Physics Reading Room Likely to House TEAL
Fifth Floor of Student Center Ruled Out
MIT administrators have indicated that the physics reading room will probably house the upcoming Technology Enabled Active Learning (TEAL) project.
Professor of Physics John W. Belcher said that the study space on the fifth floor of the Student Center is officially out of consideration and that the physics reading room is well suited to the project’s purpose.
Dean for Undergraduate Education Robert P. Redwine described his feelings towards the project as being “cautiously optimistic.” His biggest concerns are the shortage of space at MIT and the increased pressure to select a location soon to ensure the project’s completion by this fall. “Obviously things have to start happening quickly,” he said.
Student Center space ruled out
Although the idea of using the fifth floor of the Student Center was dismissed, its consideration is a symptom of the lack of space within the Institute. The use of the Student Center space was initially proposed after discussion between Space Administrator John P. Dunbar of the Facilities Department, Chancellor Lawrence S. Bacow ’72, and others.
“There were a lot of people involved,” said Redwine. He mentioned that “one of the attractions was ... we felt it could be done in a way to preserve the current use of the space.”
However, Redwine said that “a lot of students said that this would be a loss to them, and the idea was put to the wayside. Most recently the plan that was floated was to use the physics reading room.”
Reading room likely to move
Professor and Associate Department Head for Education Thomas J. Greytak ’62 said that “the Physics Department is willing to turn over the current reading room space to TEAL if the upper administration will give us suitable space for relocation of the reading room.” His words were supported by a positive response of the physics faculty at a luncheon held yesterday to discuss the move. “The department seems happy with this other space available,” said Belcher.
When asked where the room would be relocated, Redwine said that he would prefer not to release more details because “space is a sensitive issue” and he didn’t want to interfere with negotiations. “It might turn out that we could relocate the reading room in a temporary location.”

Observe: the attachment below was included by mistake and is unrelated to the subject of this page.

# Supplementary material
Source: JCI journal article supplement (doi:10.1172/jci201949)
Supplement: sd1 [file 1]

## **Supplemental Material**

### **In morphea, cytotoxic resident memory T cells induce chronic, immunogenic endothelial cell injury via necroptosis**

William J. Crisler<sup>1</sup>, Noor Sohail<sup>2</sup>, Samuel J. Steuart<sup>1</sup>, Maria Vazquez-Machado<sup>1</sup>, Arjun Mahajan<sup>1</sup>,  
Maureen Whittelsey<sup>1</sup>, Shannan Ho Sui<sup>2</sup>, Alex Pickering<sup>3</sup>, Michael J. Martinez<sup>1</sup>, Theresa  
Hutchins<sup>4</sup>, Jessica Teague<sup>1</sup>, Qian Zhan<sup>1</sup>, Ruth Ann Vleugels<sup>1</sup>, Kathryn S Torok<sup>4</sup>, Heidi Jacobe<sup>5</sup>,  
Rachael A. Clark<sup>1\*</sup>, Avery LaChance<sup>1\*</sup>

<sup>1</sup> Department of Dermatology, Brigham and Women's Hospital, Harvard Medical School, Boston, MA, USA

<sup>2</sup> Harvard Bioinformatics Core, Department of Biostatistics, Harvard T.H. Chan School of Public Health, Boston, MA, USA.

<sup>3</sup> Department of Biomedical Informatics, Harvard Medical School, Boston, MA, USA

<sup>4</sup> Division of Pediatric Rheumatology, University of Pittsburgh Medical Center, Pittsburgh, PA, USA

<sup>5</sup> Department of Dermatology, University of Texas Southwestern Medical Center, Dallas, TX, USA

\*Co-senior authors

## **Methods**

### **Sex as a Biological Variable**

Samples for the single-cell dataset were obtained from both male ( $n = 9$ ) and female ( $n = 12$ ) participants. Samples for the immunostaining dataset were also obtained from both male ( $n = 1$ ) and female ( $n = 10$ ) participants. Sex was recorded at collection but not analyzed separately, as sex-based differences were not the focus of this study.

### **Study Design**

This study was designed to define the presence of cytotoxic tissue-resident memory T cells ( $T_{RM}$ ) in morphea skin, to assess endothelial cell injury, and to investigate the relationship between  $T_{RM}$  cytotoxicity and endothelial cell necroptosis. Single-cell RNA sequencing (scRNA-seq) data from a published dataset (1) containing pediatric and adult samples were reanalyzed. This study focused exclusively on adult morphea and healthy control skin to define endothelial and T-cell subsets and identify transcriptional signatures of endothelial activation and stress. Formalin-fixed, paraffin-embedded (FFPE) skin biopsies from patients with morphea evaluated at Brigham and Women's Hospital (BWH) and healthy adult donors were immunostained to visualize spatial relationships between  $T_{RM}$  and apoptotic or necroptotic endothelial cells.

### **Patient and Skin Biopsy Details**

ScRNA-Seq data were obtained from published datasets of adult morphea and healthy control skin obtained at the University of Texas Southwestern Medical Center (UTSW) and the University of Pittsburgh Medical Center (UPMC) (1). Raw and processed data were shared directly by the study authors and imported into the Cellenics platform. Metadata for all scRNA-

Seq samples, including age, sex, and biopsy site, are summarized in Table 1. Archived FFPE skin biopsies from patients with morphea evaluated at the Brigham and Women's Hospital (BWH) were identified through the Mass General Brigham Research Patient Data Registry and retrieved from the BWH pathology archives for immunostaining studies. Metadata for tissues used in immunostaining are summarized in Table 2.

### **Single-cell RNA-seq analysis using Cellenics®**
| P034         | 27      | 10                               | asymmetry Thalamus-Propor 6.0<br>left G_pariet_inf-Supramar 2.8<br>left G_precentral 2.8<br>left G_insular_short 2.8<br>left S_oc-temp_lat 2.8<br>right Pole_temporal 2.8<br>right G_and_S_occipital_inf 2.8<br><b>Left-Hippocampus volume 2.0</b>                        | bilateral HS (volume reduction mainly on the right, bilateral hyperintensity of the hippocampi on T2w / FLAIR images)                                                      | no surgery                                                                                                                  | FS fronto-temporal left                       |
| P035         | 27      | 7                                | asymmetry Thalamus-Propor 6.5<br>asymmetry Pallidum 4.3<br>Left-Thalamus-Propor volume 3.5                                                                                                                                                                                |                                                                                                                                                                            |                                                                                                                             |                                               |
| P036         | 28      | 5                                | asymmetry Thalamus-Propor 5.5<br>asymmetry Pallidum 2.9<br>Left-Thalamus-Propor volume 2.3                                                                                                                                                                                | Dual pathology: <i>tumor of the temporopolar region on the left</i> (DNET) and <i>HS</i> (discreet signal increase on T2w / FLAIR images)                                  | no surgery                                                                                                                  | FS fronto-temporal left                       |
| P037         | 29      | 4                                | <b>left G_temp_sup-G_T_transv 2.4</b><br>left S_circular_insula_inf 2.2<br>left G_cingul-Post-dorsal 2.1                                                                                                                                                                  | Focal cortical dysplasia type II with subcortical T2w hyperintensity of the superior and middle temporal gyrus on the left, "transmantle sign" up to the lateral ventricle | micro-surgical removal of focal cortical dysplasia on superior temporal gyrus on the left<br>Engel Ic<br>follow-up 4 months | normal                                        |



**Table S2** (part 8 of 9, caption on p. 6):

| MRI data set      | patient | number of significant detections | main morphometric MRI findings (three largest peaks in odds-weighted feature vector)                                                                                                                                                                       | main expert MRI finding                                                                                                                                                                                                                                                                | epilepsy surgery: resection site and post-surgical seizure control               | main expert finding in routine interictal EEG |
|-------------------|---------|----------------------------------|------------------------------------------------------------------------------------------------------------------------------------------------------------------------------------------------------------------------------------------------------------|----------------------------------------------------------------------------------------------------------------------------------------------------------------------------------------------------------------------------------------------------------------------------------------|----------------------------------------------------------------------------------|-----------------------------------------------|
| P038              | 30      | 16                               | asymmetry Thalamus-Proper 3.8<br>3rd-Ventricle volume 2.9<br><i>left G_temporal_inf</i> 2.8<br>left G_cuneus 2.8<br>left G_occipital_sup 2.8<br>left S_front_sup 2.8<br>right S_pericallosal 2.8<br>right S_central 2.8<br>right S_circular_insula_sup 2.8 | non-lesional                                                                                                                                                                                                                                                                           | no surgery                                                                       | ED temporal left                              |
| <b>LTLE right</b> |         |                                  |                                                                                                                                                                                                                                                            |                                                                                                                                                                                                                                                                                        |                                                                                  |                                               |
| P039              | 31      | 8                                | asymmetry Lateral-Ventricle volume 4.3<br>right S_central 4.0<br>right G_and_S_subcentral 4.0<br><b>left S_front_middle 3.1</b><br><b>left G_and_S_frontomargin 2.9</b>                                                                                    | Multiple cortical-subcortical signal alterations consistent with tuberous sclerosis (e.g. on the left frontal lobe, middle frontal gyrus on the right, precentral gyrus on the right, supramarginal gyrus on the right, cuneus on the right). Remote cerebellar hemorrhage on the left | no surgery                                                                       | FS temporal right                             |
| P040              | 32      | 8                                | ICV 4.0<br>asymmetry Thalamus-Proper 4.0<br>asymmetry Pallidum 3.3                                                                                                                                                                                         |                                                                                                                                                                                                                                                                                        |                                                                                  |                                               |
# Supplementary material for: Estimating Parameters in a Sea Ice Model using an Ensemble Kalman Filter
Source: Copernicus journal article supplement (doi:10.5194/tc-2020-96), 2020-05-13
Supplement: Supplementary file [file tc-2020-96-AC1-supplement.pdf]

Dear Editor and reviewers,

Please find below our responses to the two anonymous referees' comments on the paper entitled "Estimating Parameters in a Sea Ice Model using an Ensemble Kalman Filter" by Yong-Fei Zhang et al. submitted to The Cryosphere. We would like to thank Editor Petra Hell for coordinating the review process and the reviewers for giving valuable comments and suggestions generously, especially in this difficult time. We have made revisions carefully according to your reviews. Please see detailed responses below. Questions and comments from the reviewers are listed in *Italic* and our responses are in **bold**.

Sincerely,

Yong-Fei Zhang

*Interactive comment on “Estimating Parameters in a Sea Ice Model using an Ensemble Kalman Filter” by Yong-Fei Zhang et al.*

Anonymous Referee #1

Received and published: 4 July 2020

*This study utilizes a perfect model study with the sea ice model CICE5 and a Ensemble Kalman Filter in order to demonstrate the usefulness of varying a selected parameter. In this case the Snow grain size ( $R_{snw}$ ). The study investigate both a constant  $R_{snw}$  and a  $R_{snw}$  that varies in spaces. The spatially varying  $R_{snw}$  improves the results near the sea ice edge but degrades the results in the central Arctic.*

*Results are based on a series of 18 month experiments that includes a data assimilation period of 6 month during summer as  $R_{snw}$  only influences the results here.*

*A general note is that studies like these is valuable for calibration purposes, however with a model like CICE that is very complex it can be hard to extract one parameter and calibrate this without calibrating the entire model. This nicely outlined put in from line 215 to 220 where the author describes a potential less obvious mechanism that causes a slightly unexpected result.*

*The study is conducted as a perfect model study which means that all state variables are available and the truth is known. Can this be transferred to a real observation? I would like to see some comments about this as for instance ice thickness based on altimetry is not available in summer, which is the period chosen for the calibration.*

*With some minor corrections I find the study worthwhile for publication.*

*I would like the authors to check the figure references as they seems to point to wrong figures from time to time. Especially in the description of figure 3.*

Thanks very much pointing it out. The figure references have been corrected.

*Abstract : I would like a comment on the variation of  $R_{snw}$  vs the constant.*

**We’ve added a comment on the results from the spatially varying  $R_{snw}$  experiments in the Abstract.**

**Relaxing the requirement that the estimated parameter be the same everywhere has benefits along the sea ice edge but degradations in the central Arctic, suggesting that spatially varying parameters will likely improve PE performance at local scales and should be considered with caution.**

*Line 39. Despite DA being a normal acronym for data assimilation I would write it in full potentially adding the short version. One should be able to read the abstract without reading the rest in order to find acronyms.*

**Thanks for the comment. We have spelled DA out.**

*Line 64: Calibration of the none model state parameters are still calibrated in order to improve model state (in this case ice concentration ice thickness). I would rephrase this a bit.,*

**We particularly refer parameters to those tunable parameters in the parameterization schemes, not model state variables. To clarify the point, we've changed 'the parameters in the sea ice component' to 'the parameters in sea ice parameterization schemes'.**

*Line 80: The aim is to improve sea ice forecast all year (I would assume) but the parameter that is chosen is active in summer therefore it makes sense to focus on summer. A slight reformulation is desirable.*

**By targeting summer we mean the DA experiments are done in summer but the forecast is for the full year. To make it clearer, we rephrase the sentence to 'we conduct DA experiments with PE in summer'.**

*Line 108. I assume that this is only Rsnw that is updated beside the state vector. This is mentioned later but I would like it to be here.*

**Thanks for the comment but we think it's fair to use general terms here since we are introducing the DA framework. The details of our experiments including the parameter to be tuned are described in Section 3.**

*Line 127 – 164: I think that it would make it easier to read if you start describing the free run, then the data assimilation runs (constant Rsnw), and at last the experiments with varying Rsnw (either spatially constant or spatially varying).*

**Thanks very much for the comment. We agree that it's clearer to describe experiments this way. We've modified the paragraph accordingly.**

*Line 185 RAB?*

Belcher, however, mentioned that the final location of the reading room might be on the second floor of Building 6.
Belcher devised TEAL concept
Belcher also discussed the origins and his vision for the future of the TEAL program. He said that he developed the idea when, after lecturing 8.02 for three years, he found himself teaching in lecture halls only 50 percent full by the end of the semester. “I didn’t think it was effective,” he reflected. He felt that with a hands-on approach it was possible to “learn things at a much deeper level with the same amount of effort.”
The purpose of the program is to engage students more personally in the process of learning introductory physics. According to the TEAL proposal, students will share laptops in groups of three, with nine students at each of about a dozen round tables in one classroom. A professor will be present for instruction and for help with lab experiments.
Belcher feels that the biggest difficulty in getting the project off the ground was the relative lack of space. He said that Professor Marc A. Kastner, head of the Physics Department, had mentioned that space, not money, was the major concern. With the space, Belcher said that he would have many white boards and four or five screens for projecting the work of students. He said that what he was most looking forward to was “the interaction between students and faculty.”
He also said that he has been working with Professor Peter Dourmashkin, Vice President and Dean For Research J. David Litster, and ten UROP students to put together sets of desktop experiments and discussion questions. He also said that the Center for Education and Computing Initiatives is compiling animations and simulations for the class. “A whole host of people are working on software,” he said.
TEAL is funded by the d’Arbeloff Initiative, the MIT/Microsoft I-Campus Alliance, the National Science Foundation, and other sources.